Fraser: Lawrence, you’ve spent the majority of your career in mineral exploration. Perhaps you could give us an overview of why investors should pay attention to mineral exploration companies. And, for anyone who doesn’t know you, a little about your background.
Lawrence: I’ve seen the mining industry from all sides. After a geology degree, I worked in the head office of one of the majors for 4 years. I then went to a mid-tier producer and then got into exploration. For 15 years, I wrote an independent investment newsletter focused on exploration. As a result of that newsletter, I was recruited by a big US private investment firm as President of their mining investment group. I left that to get back to what I love, which is mineral exploration. In the course of all that, I’ve walked all over literally hundreds of mines and exploration projects in more than 40 countries.
Fraser: You’ve certainly earned a reputation for knowing the mining industry. So, why are you interested in junior explorers and why should people invest in this sector?
Lawrence: Well, for one thing, investors have made – and will make – huge returns investing in exploration companies. Furthermore, these apparently insignificant little companies are vital to the world economy.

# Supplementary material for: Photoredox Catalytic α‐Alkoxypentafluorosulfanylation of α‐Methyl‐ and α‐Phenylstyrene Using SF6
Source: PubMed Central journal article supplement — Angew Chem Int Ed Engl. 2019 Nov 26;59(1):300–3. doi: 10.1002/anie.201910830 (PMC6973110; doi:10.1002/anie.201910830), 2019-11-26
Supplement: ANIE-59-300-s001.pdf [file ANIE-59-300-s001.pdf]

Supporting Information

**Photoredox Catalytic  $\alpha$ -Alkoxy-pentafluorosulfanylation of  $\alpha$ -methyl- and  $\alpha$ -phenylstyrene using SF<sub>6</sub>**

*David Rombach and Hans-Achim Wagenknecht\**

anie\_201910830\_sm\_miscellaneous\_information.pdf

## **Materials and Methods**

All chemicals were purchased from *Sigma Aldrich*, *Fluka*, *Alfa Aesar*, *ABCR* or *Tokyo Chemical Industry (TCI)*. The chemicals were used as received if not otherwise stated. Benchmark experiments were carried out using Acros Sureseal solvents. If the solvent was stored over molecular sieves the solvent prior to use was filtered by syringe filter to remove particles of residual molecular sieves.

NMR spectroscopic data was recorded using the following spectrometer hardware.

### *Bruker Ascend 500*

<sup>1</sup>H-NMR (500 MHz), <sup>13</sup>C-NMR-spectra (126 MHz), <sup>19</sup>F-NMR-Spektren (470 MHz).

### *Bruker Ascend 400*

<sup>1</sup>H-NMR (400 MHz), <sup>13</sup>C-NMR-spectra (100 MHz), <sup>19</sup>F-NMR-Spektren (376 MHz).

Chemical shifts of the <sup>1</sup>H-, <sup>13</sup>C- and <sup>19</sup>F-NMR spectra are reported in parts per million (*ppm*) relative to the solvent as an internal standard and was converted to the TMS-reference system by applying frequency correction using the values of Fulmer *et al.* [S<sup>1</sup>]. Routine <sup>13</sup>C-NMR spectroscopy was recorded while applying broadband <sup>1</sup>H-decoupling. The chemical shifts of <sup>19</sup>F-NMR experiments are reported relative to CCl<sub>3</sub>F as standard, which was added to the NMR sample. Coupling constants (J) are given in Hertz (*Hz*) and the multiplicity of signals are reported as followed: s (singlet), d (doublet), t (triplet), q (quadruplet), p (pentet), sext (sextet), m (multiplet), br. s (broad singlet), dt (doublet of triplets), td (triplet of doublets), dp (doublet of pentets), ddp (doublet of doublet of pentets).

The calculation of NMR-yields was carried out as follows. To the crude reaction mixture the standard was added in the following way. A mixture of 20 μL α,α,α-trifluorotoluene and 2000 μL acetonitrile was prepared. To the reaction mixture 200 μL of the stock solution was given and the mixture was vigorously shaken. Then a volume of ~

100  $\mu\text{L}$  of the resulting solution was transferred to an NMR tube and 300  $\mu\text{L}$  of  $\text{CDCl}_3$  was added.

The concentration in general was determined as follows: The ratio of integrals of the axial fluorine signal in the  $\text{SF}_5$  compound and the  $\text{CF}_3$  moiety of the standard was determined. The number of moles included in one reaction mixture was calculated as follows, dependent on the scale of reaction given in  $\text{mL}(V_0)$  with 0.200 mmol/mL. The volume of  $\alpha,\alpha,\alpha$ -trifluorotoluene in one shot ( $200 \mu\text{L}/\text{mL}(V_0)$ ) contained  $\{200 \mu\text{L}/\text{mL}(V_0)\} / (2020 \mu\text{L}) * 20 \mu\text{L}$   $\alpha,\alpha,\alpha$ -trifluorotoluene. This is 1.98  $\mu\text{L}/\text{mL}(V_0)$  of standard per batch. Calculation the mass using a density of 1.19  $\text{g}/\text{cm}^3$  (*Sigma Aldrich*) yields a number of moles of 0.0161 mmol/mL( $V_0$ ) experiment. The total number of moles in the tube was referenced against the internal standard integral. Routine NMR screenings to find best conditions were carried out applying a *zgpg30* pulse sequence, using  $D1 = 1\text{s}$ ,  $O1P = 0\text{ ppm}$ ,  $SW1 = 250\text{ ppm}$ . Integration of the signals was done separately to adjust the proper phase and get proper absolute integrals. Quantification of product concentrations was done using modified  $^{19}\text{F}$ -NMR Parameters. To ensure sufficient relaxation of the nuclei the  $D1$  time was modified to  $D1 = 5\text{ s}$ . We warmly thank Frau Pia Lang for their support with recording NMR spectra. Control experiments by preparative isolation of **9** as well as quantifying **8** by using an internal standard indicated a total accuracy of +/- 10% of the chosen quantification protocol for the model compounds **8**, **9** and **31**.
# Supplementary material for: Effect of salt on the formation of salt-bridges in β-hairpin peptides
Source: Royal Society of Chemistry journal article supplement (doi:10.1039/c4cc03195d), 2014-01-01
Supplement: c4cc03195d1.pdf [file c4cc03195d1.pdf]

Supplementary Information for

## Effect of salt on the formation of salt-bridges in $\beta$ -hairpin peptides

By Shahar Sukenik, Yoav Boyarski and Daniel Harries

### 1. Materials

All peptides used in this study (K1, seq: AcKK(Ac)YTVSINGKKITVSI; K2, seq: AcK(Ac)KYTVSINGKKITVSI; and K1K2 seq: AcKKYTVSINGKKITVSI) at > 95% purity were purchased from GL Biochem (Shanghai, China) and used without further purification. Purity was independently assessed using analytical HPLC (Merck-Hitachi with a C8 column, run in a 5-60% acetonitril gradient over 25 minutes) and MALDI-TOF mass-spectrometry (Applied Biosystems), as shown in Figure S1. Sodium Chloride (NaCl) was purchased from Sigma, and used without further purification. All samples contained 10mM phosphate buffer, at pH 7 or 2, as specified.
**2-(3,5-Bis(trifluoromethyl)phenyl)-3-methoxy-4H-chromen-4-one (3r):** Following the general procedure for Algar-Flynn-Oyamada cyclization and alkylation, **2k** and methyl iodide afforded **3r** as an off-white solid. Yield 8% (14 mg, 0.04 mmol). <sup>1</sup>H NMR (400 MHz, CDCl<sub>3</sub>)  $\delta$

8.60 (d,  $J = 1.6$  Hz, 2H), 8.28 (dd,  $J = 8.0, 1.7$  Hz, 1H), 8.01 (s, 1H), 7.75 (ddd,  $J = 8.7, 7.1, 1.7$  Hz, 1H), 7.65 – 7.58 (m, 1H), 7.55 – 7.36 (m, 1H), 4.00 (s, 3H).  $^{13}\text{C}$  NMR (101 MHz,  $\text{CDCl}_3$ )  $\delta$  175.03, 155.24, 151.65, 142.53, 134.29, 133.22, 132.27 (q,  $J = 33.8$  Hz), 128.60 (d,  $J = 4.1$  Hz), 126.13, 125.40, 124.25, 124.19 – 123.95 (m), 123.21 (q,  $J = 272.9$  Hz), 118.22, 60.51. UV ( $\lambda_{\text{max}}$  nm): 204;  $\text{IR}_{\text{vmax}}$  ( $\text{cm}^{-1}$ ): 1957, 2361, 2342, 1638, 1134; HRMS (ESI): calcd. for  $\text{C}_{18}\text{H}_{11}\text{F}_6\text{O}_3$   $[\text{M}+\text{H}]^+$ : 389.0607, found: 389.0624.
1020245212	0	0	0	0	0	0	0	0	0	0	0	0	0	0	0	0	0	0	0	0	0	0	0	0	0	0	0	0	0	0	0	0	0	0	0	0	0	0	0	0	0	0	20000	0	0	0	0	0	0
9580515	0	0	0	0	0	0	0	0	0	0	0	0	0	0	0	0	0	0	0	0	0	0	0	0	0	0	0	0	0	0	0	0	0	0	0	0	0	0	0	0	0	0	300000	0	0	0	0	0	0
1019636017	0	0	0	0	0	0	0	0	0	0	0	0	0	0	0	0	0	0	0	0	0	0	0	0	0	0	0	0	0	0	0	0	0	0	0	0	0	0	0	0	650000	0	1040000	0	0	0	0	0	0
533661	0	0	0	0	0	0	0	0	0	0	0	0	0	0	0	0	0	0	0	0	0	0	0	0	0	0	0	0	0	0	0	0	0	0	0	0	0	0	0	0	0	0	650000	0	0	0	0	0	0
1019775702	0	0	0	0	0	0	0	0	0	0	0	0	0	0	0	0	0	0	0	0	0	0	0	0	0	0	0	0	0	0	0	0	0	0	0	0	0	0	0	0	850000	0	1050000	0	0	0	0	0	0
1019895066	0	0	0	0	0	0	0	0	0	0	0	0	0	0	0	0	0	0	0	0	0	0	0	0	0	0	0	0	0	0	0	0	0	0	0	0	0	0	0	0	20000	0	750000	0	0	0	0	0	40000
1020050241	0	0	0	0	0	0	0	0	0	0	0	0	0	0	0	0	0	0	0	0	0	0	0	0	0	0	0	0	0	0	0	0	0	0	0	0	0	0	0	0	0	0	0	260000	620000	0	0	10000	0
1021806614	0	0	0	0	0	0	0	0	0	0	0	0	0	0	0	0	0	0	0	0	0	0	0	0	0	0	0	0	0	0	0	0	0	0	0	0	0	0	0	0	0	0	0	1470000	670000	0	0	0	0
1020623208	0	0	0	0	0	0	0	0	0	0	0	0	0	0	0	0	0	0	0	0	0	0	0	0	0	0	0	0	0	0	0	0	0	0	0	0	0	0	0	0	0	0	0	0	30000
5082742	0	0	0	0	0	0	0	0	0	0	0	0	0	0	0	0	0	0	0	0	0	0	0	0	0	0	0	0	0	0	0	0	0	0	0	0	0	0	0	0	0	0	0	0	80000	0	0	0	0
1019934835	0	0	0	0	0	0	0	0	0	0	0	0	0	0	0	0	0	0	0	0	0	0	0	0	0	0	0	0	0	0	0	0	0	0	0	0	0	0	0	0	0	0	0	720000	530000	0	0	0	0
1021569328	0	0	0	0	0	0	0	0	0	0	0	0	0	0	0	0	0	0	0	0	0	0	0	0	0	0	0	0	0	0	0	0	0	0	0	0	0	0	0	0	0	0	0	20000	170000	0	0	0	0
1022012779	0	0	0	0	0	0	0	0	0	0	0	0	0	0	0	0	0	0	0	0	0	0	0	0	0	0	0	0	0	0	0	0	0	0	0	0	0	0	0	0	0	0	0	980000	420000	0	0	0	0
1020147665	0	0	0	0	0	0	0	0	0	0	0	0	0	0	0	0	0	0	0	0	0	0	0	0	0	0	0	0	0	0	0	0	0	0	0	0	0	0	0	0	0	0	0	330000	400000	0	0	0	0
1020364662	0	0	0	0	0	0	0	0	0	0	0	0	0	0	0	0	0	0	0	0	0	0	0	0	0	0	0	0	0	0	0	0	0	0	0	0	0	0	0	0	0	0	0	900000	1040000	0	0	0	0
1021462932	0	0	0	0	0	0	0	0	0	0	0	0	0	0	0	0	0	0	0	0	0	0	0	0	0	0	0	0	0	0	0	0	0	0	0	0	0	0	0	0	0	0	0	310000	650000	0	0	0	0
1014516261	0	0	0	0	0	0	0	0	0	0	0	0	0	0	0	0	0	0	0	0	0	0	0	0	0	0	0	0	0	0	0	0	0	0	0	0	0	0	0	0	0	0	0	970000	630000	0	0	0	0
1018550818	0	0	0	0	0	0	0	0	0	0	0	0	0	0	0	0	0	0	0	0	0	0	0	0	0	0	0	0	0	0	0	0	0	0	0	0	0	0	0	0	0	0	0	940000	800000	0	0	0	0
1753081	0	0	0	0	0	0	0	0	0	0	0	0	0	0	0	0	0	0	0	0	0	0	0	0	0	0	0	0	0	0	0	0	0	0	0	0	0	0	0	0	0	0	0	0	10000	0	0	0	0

Fraser: That’s a bold statement. Can you give us a little color?
Lawrence: Everything in our modern world depends on metals. Metals are either part of the finished product or they are essential to the process of making and delivering every product on the planet. Metals come from mines. Mines have finite lives so there is a continual need to develop new mines. Those new mines are built on mineral deposits. The majority of those deposits are discovered by junior exploration companies.
Fraser: A lot of investors lose track of that basic reality. Can you give us some context here? How many new mines are needed?
Lawrence: If the average life of a mine is, roughly, 20 years on average, that implies that 5% of the global mining industry needs to be replaced each year… just to keep even. On top of that, demand for metals is continually increasing. For example, demand for copper has been increasing at about 2% a year over the last couple of decades. With the growing electrification, that rate of growth will accelerate. To replace depleting mines and keep up to demand growth, the mining industry needs to replace 7% of the total installed capacity each year to keep demand and supply in balance. It is getting harder for the industry to keep up with demand. That’s why we have seen big gains in the price of copper, nickel, lithium and numerous other metals.